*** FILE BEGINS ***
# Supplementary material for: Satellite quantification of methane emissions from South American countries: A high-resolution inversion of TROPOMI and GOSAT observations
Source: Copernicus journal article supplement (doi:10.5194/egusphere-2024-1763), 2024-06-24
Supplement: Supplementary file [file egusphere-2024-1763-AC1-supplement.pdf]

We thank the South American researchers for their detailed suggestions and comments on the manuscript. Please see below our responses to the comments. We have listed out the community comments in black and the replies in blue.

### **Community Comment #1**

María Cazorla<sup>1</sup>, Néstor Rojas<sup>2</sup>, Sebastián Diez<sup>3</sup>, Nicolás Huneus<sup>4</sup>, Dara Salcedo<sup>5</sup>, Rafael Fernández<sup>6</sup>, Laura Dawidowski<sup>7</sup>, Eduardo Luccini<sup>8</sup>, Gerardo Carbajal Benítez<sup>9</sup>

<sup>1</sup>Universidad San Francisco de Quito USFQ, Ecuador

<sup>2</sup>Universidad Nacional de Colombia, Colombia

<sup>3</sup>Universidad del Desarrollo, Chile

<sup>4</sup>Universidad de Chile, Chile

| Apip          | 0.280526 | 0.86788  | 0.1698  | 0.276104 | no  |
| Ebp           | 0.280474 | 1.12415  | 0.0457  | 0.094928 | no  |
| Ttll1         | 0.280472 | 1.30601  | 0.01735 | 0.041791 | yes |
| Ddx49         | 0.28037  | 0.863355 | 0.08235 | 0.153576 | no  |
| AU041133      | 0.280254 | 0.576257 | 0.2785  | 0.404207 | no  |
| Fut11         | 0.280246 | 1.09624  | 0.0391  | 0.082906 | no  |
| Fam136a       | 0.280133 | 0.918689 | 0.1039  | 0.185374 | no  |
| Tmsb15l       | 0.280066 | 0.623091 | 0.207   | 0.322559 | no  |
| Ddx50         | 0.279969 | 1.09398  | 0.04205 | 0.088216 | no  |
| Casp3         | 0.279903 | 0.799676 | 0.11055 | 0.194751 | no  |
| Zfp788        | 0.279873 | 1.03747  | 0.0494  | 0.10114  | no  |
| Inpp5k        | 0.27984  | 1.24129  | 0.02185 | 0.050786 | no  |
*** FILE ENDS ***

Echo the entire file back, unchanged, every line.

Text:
# Supplementary material for: Satellite quantification of methane emissions from South American countries: A high-resolution inversion of TROPOMI and GOSAT observations
Source: Copernicus journal article supplement (doi:10.5194/egusphere-2024-1763), 2024-06-24
Supplement: Supplementary file [file egusphere-2024-1763-AC1-supplement.pdf]

We thank the South American researchers for their detailed suggestions and comments on the manuscript. Please see below our responses to the comments. We have listed out the community comments in black and the replies in blue.

### **Community Comment #1**

María Cazorla<sup>1</sup>, Néstor Rojas<sup>2</sup>, Sebastián Diez<sup>3</sup>, Nicolás Huneus<sup>4</sup>, Dara Salcedo<sup>5</sup>, Rafael Fernández<sup>6</sup>, Laura Dawidowski<sup>7</sup>, Eduardo Luccini<sup>8</sup>, Gerardo Carbajal Benítez<sup>9</sup>

<sup>1</sup>Universidad San Francisco de Quito USFQ, Ecuador

<sup>2</sup>Universidad Nacional de Colombia, Colombia

<sup>3</sup>Universidad del Desarrollo, Chile

<sup>4</sup>Universidad de Chile, Chile

| Apip          | 0.280526 | 0.86788  | 0.1698  | 0.276104 | no  |
| Ebp           | 0.280474 | 1.12415  | 0.0457  | 0.094928 | no  |
| Ttll1         | 0.280472 | 1.30601  | 0.01735 | 0.041791 | yes |
| Ddx49         | 0.28037  | 0.863355 | 0.08235 | 0.153576 | no  |
| AU041133      | 0.280254 | 0.576257 | 0.2785  | 0.404207 | no  |
| Fut11         | 0.280246 | 1.09624  | 0.0391  | 0.082906 | no  |
| Fam136a       | 0.280133 | 0.918689 | 0.1039  | 0.185374 | no  |
| Tmsb15l       | 0.280066 | 0.623091 | 0.207   | 0.322559 | no  |
| Ddx50         | 0.279969 | 1.09398  | 0.04205 | 0.088216 | no  |
| Casp3         | 0.279903 | 0.799676 | 0.11055 | 0.194751 | no  |
| Zfp788        | 0.279873 | 1.03747  | 0.0494  | 0.10114  | no  |
| Inpp5k        | 0.27984  | 1.24129  | 0.02185 | 0.050786 | no  |